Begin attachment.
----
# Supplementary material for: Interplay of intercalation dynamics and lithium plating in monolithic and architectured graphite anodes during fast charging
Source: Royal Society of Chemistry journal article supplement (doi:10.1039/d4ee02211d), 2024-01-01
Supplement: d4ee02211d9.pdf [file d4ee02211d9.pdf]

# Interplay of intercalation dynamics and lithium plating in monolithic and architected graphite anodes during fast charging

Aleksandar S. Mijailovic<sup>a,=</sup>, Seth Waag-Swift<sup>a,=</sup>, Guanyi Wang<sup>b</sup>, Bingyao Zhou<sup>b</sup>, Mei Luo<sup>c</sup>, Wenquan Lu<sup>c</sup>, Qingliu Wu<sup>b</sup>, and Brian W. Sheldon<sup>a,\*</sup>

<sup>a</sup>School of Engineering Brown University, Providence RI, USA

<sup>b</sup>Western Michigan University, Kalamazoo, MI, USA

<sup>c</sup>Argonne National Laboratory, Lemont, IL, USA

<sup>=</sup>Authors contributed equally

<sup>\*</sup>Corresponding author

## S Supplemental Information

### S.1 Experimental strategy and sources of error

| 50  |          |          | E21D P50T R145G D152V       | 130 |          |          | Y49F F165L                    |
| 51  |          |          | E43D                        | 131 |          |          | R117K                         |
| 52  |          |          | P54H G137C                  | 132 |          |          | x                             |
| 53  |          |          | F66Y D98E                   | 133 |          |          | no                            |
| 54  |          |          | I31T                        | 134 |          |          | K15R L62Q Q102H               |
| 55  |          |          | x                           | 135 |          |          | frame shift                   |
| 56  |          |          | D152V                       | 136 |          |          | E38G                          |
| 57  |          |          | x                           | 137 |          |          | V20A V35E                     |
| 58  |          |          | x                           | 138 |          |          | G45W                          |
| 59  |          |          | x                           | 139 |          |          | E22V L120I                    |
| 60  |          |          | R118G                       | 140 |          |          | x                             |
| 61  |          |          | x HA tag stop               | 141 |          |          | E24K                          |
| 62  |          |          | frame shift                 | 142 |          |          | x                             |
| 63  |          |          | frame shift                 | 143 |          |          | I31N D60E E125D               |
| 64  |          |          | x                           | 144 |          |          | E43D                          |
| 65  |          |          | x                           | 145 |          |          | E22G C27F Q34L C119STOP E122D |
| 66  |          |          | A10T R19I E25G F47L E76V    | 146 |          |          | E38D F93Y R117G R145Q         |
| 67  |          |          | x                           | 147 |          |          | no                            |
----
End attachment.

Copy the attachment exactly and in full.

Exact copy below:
# Supplementary material for: Interplay of intercalation dynamics and lithium plating in monolithic and architectured graphite anodes during fast charging
Source: Royal Society of Chemistry journal article supplement (doi:10.1039/d4ee02211d), 2024-01-01
Supplement: d4ee02211d9.pdf [file d4ee02211d9.pdf]

# Interplay of intercalation dynamics and lithium plating in monolithic and architected graphite anodes during fast charging

Aleksandar S. Mijailovic<sup>a,=</sup>, Seth Waag-Swift<sup>a,=</sup>, Guanyi Wang<sup>b</sup>, Bingyao Zhou<sup>b</sup>, Mei Luo<sup>c</sup>, Wenquan Lu<sup>c</sup>, Qingliu Wu<sup>b</sup>, and Brian W. Sheldon<sup>a,\*</sup>

<sup>a</sup>School of Engineering Brown University, Providence RI, USA

<sup>b</sup>Western Michigan University, Kalamazoo, MI, USA

<sup>c</sup>Argonne National Laboratory, Lemont, IL, USA

<sup>=</sup>Authors contributed equally

<sup>\*</sup>Corresponding author

## S Supplemental Information

### S.1 Experimental strategy and sources of error

| 50  |          |          | E21D P50T R145G D152V       | 130 |          |          | Y49F F165L                    |
| 51  |          |          | E43D                        | 131 |          |          | R117K                         |
| 52  |          |          | P54H G137C                  | 132 |          |          | x                             |
| 53  |          |          | F66Y D98E                   | 133 |          |          | no                            |
| 54  |          |          | I31T                        | 134 |          |          | K15R L62Q Q102H               |
| 55  |          |          | x                           | 135 |          |          | frame shift                   |
| 56  |          |          | D152V                       | 136 |          |          | E38G                          |
| 57  |          |          | x                           | 137 |          |          | V20A V35E                     |
| 58  |          |          | x                           | 138 |          |          | G45W                          |
| 59  |          |          | x                           | 139 |          |          | E22V L120I                    |
| 60  |          |          | R118G                       | 140 |          |          | x                             |
| 61  |          |          | x HA tag stop               | 141 |          |          | E24K                          |
| 62  |          |          | frame shift                 | 142 |          |          | x                             |
| 63  |          |          | frame shift                 | 143 |          |          | I31N D60E E125D               |
| 64  |          |          | x                           | 144 |          |          | E43D                          |
| 65  |          |          | x                           | 145 |          |          | E22G C27F Q34L C119STOP E122D |
| 66  |          |          | A10T R19I E25G F47L E76V    | 146 |          |          | E38D F93Y R117G R145Q         |
| 67  |          |          | x                           | 147 |          |          | no                            |